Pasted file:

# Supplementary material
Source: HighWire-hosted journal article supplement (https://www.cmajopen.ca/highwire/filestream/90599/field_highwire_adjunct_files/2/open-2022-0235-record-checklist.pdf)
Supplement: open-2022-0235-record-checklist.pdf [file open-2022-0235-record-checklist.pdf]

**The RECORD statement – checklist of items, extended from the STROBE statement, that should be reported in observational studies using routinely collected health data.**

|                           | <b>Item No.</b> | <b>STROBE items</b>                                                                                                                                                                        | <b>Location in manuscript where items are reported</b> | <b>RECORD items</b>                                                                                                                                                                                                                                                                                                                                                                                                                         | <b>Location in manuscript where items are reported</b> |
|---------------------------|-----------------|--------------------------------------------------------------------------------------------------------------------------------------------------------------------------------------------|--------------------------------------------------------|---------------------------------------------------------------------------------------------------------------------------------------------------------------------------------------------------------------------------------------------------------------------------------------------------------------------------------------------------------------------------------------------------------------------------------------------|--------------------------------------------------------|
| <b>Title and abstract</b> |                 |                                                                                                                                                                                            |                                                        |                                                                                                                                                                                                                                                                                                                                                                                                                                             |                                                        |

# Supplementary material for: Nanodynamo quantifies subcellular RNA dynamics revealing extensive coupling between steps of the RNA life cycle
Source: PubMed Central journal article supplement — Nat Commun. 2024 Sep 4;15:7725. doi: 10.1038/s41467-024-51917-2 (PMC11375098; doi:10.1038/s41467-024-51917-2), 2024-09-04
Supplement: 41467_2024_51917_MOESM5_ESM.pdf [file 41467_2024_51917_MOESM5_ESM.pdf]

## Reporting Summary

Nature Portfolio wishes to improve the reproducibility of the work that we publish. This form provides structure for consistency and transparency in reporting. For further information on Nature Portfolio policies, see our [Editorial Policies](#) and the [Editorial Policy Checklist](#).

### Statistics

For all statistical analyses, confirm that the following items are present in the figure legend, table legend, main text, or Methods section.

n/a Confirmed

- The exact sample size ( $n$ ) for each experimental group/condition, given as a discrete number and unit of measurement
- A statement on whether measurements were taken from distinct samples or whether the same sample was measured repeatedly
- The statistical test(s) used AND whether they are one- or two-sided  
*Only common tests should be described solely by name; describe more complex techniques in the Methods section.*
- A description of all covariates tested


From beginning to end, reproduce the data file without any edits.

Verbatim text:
# Supplementary material
Source: HighWire-hosted journal article supplement (https://www.cmajopen.ca/highwire/filestream/90599/field_highwire_adjunct_files/2/open-2022-0235-record-checklist.pdf)
Supplement: open-2022-0235-record-checklist.pdf [file open-2022-0235-record-checklist.pdf]

**The RECORD statement – checklist of items, extended from the STROBE statement, that should be reported in observational studies using routinely collected health data.**

|                           | <b>Item No.</b> | <b>STROBE items</b>                                                                                                                                                                        | <b>Location in manuscript where items are reported</b> | <b>RECORD items</b>                                                                                                                                                                                                                                                                                                                                                                                                                         | <b>Location in manuscript where items are reported</b> |
|---------------------------|-----------------|--------------------------------------------------------------------------------------------------------------------------------------------------------------------------------------------|--------------------------------------------------------|---------------------------------------------------------------------------------------------------------------------------------------------------------------------------------------------------------------------------------------------------------------------------------------------------------------------------------------------------------------------------------------------------------------------------------------------|--------------------------------------------------------|
| <b>Title and abstract</b> |                 |                                                                                                                                                                                            |                                                        |                                                                                                                                                                                                                                                                                                                                                                                                                                             |                                                        |

# Supplementary material for: Nanodynamo quantifies subcellular RNA dynamics revealing extensive coupling between steps of the RNA life cycle
Source: PubMed Central journal article supplement — Nat Commun. 2024 Sep 4;15:7725. doi: 10.1038/s41467-024-51917-2 (PMC11375098; doi:10.1038/s41467-024-51917-2), 2024-09-04
Supplement: 41467_2024_51917_MOESM5_ESM.pdf [file 41467_2024_51917_MOESM5_ESM.pdf]

## Reporting Summary

Nature Portfolio wishes to improve the reproducibility of the work that we publish. This form provides structure for consistency and transparency in reporting. For further information on Nature Portfolio policies, see our [Editorial Policies](#) and the [Editorial Policy Checklist](#).

### Statistics

For all statistical analyses, confirm that the following items are present in the figure legend, table legend, main text, or Methods section.

n/a Confirmed

- The exact sample size ( $n$ ) for each experimental group/condition, given as a discrete number and unit of measurement
- A statement on whether measurements were taken from distinct samples or whether the same sample was measured repeatedly
- The statistical test(s) used AND whether they are one- or two-sided  
*Only common tests should be described solely by name; describe more complex techniques in the Methods section.*
- A description of all covariates tested